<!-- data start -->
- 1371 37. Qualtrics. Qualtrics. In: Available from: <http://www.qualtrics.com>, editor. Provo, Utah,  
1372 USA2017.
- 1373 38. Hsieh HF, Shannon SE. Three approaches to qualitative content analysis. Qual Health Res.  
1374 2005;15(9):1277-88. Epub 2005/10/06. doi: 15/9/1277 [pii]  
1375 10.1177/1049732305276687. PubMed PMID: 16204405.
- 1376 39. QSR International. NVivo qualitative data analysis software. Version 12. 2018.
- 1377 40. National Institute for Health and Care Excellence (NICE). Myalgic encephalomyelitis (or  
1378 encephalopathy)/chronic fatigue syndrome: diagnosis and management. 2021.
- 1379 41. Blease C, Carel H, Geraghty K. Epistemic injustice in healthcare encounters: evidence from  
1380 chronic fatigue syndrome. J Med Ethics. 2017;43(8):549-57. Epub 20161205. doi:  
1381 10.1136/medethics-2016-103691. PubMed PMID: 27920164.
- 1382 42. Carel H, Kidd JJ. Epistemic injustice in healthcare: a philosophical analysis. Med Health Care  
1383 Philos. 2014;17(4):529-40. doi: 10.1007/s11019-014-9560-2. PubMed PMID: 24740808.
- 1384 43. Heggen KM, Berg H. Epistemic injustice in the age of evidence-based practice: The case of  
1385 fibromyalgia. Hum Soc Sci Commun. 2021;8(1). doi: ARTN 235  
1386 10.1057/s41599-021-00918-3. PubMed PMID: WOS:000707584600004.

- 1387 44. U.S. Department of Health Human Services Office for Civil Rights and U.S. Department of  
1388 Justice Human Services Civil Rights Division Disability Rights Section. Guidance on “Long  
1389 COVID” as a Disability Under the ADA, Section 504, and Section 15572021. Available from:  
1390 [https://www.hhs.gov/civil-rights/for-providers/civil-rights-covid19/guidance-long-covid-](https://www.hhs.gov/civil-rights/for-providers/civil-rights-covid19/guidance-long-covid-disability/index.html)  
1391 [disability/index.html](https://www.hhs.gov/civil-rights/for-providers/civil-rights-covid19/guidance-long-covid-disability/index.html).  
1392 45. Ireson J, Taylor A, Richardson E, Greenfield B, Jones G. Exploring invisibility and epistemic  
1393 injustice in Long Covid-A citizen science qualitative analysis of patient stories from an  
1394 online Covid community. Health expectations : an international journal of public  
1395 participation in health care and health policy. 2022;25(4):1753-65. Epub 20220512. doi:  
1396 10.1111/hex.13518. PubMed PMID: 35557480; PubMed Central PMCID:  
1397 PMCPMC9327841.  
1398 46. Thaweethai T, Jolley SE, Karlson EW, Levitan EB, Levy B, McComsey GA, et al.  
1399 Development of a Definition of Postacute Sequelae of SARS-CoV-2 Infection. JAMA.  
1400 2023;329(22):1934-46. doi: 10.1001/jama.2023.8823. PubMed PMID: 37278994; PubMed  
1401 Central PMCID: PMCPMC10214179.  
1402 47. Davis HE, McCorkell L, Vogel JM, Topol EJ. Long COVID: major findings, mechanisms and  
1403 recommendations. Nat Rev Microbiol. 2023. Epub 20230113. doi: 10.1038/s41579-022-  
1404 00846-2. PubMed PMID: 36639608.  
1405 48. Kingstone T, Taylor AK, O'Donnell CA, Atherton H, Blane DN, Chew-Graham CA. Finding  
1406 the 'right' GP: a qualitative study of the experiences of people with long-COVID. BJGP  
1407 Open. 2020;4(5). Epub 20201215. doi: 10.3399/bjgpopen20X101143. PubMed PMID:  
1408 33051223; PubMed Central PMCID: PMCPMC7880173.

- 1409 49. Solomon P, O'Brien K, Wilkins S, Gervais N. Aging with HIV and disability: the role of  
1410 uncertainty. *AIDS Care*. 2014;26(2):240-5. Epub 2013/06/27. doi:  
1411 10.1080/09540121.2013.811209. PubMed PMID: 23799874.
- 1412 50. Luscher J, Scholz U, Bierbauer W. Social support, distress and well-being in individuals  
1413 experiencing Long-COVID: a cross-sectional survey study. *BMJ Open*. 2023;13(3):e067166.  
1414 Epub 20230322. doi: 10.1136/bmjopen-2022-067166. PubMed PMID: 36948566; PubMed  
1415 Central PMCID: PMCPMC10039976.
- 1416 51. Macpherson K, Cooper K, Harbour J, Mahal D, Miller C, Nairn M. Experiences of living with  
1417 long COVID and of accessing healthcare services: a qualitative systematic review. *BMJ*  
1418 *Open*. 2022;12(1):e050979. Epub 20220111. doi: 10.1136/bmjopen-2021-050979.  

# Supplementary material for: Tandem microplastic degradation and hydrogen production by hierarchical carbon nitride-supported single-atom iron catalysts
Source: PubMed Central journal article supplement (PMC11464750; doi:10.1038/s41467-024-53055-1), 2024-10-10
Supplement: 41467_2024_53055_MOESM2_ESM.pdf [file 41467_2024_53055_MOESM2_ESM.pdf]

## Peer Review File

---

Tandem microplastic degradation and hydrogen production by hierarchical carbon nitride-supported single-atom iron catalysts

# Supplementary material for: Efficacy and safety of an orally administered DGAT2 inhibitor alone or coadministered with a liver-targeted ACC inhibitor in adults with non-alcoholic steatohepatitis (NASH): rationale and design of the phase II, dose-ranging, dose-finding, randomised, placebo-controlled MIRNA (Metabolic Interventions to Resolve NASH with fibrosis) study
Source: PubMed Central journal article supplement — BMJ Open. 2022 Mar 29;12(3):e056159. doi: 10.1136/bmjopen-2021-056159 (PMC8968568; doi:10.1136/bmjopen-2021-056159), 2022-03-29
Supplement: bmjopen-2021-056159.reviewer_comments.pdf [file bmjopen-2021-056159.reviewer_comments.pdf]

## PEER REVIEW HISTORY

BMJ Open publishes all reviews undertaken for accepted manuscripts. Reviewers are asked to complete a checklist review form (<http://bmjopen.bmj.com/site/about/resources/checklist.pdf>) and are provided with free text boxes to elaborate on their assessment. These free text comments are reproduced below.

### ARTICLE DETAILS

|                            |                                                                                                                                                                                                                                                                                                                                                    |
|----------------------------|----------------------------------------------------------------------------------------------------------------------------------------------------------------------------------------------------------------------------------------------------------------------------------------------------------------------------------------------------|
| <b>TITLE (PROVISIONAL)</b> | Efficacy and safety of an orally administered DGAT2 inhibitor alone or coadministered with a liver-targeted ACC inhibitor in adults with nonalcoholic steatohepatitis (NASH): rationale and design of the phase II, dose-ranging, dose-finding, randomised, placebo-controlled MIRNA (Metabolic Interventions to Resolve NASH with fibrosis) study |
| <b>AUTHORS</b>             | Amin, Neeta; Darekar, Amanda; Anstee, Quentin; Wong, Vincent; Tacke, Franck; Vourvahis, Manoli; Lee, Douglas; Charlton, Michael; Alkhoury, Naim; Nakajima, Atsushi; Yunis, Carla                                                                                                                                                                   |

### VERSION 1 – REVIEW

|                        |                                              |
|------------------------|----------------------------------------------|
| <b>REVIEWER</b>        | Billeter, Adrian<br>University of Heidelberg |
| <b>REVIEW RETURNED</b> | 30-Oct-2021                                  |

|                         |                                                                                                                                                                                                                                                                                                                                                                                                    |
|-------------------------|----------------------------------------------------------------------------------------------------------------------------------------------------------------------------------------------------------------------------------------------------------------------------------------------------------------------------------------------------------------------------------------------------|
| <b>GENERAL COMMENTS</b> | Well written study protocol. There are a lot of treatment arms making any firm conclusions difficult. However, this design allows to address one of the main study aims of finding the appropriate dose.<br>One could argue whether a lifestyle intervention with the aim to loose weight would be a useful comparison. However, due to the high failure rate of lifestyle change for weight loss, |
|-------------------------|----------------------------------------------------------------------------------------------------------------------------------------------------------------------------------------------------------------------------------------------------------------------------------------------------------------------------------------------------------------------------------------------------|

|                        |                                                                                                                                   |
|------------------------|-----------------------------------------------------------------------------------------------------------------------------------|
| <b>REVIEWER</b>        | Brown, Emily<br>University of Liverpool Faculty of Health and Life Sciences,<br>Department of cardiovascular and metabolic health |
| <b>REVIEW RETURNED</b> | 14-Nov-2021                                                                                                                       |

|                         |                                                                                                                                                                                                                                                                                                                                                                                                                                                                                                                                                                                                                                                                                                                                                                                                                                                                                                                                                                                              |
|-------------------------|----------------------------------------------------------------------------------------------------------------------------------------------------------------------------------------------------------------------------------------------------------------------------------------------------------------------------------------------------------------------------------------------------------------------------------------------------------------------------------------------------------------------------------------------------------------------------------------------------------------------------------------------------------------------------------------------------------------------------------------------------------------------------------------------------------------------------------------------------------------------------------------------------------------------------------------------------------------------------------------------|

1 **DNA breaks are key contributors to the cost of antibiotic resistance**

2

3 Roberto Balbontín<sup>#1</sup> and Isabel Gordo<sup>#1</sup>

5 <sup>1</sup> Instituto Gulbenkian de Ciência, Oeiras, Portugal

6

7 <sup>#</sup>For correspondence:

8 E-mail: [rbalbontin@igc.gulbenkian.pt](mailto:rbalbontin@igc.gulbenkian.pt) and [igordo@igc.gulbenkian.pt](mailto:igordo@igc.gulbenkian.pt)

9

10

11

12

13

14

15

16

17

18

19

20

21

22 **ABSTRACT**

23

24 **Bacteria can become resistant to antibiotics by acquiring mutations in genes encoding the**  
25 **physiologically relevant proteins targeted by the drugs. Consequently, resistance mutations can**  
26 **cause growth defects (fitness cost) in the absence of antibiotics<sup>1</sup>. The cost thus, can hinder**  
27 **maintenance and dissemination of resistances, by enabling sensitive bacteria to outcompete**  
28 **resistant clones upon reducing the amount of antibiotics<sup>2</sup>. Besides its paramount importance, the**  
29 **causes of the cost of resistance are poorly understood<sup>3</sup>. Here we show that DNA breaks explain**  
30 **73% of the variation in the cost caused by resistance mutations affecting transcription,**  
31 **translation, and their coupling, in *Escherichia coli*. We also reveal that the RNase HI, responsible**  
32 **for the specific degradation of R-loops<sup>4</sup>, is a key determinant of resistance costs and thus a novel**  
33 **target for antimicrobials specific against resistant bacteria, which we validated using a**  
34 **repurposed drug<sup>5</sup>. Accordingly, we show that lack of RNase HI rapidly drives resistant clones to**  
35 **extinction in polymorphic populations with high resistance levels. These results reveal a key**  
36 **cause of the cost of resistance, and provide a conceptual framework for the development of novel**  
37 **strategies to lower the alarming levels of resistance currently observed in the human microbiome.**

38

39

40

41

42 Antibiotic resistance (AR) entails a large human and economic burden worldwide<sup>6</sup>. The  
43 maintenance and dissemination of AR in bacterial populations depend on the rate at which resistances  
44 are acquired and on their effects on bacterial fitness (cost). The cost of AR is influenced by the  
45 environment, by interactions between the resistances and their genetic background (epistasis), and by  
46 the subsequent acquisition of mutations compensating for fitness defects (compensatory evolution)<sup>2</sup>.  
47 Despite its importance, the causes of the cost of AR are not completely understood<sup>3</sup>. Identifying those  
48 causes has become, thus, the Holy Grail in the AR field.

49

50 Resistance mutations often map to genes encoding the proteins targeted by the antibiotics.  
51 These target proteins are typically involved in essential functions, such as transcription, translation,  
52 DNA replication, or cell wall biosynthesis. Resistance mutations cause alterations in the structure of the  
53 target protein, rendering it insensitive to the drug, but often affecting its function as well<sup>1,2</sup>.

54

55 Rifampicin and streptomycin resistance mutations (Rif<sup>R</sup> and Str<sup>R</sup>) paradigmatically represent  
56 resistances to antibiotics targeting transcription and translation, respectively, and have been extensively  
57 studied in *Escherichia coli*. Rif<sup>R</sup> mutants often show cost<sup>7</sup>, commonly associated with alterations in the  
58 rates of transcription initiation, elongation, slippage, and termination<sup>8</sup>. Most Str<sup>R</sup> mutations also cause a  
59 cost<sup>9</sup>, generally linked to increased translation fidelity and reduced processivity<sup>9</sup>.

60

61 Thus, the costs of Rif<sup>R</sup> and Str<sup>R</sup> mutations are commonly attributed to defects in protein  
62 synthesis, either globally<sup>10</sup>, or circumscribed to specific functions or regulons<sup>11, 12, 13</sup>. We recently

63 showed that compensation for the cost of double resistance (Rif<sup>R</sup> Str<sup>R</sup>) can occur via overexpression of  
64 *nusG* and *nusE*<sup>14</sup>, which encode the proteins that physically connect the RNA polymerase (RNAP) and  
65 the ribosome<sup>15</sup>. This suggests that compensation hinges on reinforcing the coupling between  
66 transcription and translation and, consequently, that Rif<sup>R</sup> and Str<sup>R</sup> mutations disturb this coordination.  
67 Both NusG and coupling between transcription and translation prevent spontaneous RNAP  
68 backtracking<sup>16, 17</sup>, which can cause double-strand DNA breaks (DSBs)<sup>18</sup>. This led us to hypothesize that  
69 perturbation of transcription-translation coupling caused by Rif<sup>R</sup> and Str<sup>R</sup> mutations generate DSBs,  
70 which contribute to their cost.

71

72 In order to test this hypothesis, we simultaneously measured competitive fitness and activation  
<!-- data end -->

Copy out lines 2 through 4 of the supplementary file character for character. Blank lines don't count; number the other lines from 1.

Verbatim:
1372 USA2017.
- 1373 38. Hsieh HF, Shannon SE. Three approaches to qualitative content analysis. Qual Health Res.  
1374 2005;15(9):1277-88. Epub 2005/10/06. doi: 15/9/1277 [pii]  